1. He is confused, and I'm not sure about his decision-making ability
  2. He is fairly withdrawn, and when I attempt to talk with him he pretty much shuts me out
  3. What are the ethics here? How confused is without capacity to make appropriate decisions? What are the ethics of doing a stop-gap measure that may, or may not work?
Luckily, I did not have to face this question head-on: the patient did sleep most of my shift, and I knew that the next day was Monday, when more services (including the most awesome social worker and the patient's provider) were available to discuss and revisit the matter. I did leave a note, as requested by the physician indicating his distress and concern. I know the folks I work with--they will continue to talk with the patient about the issue.

But what if he had been more awake and I less busy with another patient who was needing one-on-one care monitoring for delirium? What about the next time we have a patient in this situation? What if he/she clearly does not have decisional capacity, and, like is so often the case, has family members who disagree on the appropriate course?

This problem is not going to go away. Rather, it is most likely to come up more often as time wears on.

I did a quick lit search and found that:
  1. Deactivating ICDs is in general considered ethical if it is the patient's desire, or the desire of the patient's surrogate.
  2. The most discussed aspect of deactivating ICDs in the articles I read was the lack of discussion about this issue with patients before it becomes critical with a decision needed now (as in the patient is unconscious, dying and receiving repeated shocks). Sounds like so many of the end-of-life discussions that should, and don't happen (or happen too late).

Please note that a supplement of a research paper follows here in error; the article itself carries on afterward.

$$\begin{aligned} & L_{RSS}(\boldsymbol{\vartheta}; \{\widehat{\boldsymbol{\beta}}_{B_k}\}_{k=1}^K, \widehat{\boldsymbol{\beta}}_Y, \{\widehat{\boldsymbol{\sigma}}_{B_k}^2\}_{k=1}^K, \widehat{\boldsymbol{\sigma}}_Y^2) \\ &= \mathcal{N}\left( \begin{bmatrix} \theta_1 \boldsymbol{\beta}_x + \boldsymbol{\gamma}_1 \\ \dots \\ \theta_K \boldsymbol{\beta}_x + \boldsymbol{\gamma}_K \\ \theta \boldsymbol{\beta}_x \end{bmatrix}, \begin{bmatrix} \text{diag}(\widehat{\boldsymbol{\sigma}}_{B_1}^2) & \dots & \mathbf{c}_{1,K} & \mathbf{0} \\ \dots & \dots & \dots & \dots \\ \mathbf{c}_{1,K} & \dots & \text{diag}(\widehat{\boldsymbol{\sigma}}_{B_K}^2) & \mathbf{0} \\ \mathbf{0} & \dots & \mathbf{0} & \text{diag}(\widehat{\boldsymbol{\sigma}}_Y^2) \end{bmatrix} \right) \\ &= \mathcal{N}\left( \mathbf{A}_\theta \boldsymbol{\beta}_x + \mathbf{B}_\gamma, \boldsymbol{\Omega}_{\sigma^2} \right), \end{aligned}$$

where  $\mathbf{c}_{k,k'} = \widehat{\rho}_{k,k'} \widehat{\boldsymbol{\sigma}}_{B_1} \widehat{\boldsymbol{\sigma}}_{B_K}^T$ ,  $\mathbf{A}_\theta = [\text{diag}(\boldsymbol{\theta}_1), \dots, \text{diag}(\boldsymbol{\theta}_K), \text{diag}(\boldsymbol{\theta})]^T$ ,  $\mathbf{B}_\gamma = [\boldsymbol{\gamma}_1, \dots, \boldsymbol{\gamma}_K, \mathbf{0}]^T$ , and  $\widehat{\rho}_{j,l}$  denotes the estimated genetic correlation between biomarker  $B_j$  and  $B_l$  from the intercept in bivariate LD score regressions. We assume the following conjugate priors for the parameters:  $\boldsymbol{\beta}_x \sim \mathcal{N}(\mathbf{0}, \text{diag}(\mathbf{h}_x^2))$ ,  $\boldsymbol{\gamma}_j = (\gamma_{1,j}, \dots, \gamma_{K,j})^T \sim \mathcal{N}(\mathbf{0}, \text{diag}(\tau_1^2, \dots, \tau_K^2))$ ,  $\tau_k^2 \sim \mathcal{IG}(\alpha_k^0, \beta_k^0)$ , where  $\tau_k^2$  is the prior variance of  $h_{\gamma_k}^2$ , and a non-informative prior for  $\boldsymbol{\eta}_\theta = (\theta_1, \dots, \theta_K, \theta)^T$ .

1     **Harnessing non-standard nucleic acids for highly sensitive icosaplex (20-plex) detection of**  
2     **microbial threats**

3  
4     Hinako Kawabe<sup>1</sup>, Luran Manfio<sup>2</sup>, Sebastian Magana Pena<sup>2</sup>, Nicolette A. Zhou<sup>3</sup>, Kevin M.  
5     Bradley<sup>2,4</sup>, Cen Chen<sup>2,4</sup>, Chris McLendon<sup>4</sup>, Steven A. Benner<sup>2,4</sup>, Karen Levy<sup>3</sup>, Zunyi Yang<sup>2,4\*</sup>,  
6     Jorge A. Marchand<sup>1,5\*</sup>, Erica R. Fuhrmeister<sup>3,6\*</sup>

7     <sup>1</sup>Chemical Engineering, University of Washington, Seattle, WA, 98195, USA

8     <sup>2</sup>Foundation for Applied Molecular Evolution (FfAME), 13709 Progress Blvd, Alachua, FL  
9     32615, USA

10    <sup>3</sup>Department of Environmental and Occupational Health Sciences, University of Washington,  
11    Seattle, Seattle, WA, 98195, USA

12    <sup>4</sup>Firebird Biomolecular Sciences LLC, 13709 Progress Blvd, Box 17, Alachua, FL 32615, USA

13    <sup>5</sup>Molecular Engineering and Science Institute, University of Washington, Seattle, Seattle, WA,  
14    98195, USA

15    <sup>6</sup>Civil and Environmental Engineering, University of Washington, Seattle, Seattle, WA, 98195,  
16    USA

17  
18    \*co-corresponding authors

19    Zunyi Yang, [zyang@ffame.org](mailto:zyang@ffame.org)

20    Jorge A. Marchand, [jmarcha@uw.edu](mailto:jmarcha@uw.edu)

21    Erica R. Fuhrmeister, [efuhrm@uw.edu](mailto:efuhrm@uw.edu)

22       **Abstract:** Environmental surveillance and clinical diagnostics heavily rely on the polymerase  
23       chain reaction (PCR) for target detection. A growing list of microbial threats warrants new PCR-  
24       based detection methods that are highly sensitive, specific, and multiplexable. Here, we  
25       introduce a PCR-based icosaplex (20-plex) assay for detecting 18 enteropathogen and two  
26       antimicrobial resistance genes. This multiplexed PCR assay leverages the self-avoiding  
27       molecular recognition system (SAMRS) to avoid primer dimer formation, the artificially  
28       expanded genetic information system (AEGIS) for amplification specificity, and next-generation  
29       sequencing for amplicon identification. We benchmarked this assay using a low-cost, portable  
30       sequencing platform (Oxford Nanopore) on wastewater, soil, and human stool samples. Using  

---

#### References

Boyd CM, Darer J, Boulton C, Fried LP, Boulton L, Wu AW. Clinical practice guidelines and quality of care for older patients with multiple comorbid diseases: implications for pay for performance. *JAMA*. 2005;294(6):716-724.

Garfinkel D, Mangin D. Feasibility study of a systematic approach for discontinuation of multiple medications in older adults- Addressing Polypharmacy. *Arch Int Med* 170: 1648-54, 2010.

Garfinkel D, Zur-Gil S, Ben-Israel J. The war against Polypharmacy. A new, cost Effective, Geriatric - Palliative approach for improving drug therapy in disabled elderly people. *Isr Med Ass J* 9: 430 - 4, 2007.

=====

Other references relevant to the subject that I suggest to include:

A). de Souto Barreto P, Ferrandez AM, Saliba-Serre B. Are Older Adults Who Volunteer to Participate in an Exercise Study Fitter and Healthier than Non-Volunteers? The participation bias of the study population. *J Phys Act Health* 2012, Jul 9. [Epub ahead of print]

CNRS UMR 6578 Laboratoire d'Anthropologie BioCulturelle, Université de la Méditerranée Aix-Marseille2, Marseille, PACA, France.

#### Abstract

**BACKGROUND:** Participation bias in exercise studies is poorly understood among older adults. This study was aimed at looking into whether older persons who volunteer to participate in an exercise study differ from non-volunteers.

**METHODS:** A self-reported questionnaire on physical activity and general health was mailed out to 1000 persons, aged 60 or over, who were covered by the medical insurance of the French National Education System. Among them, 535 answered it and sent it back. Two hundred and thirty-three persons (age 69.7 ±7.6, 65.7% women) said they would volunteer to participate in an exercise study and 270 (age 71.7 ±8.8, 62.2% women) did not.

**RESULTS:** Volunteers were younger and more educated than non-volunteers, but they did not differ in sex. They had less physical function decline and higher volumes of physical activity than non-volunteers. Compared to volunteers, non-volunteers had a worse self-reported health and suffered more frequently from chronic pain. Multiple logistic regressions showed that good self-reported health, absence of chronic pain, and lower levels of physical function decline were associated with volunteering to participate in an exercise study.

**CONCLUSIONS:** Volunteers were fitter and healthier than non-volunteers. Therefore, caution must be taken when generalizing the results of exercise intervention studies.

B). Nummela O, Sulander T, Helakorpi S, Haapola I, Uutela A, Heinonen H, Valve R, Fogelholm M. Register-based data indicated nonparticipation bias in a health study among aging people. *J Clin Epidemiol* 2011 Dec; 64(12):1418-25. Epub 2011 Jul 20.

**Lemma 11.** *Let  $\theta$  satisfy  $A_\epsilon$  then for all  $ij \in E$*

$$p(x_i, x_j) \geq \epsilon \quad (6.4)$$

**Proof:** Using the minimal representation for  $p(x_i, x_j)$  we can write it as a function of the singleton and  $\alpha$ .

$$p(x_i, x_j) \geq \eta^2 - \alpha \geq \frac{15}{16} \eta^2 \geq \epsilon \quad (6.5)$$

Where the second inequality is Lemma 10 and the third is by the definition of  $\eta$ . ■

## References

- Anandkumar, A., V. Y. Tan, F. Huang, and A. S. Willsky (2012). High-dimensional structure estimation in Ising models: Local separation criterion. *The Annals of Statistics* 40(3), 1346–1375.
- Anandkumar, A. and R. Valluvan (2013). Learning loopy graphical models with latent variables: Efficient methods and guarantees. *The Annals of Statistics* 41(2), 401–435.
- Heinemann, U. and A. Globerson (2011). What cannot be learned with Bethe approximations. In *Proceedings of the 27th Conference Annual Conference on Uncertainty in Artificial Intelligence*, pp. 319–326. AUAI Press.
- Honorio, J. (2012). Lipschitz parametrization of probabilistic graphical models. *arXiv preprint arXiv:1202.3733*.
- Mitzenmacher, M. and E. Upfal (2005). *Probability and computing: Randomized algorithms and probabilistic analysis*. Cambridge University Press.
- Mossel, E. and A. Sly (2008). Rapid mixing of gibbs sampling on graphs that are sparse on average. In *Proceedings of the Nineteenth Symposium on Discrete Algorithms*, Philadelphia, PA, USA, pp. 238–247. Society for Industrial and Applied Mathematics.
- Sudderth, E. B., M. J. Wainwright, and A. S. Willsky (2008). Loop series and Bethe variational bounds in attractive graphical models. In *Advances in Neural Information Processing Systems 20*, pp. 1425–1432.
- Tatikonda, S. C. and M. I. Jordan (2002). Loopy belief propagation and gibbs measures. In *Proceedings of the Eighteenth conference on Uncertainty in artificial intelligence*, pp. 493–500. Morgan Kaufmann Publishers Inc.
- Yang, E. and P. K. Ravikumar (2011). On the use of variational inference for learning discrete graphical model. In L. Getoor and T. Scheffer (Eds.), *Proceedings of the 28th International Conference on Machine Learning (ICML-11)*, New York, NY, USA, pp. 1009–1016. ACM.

3. Christian Sinclair over at Pallimed has contributed to articles in health care journals about this subject at least twice. And in a bit of synchronicity, Pallimed has a new post up about heart failure and implantable devices.

Wednesday, August 15, 2007


This morning, at 9:00 it would have been three weeks.

Three weeks and two days since we got the email with our questions.

Two days which involved approximately 40 of the 48 hours alloted being spent in front of the computer.

48 hours which passed with no time to re-read what I wrote, never mind edit it.

48 hours and 15 minutes after I received the questions, I sent 36 pages back. Because of computer wonkiness (whatever possessed me to download a new copy of Acrobat Reader in the middle of such a time?), I was 15 minutes beyond the deadline (it was OK, they accepted it).

I've never written 36 pages in two days before.

I have also not read what I wrote in the ensuing three weeks.

This morning, I started to obsessively check my email for results.

At 2:00 this afternoon, I got my answer.

I passed!!!!!!!!!

Oh, there's still plenty of trials and tribulations ahead of me: proposal defense, orals, IRB submission, dissertation defense, applying for post-docs...

But I will never have to pass comprehensive exams again.

I will not have to worry about feeling like I disappointed my adviser and my department chair.

Makes me feel downright smart...maybe a bit of that particular "impostor syndrome" has been decreased.

Go me.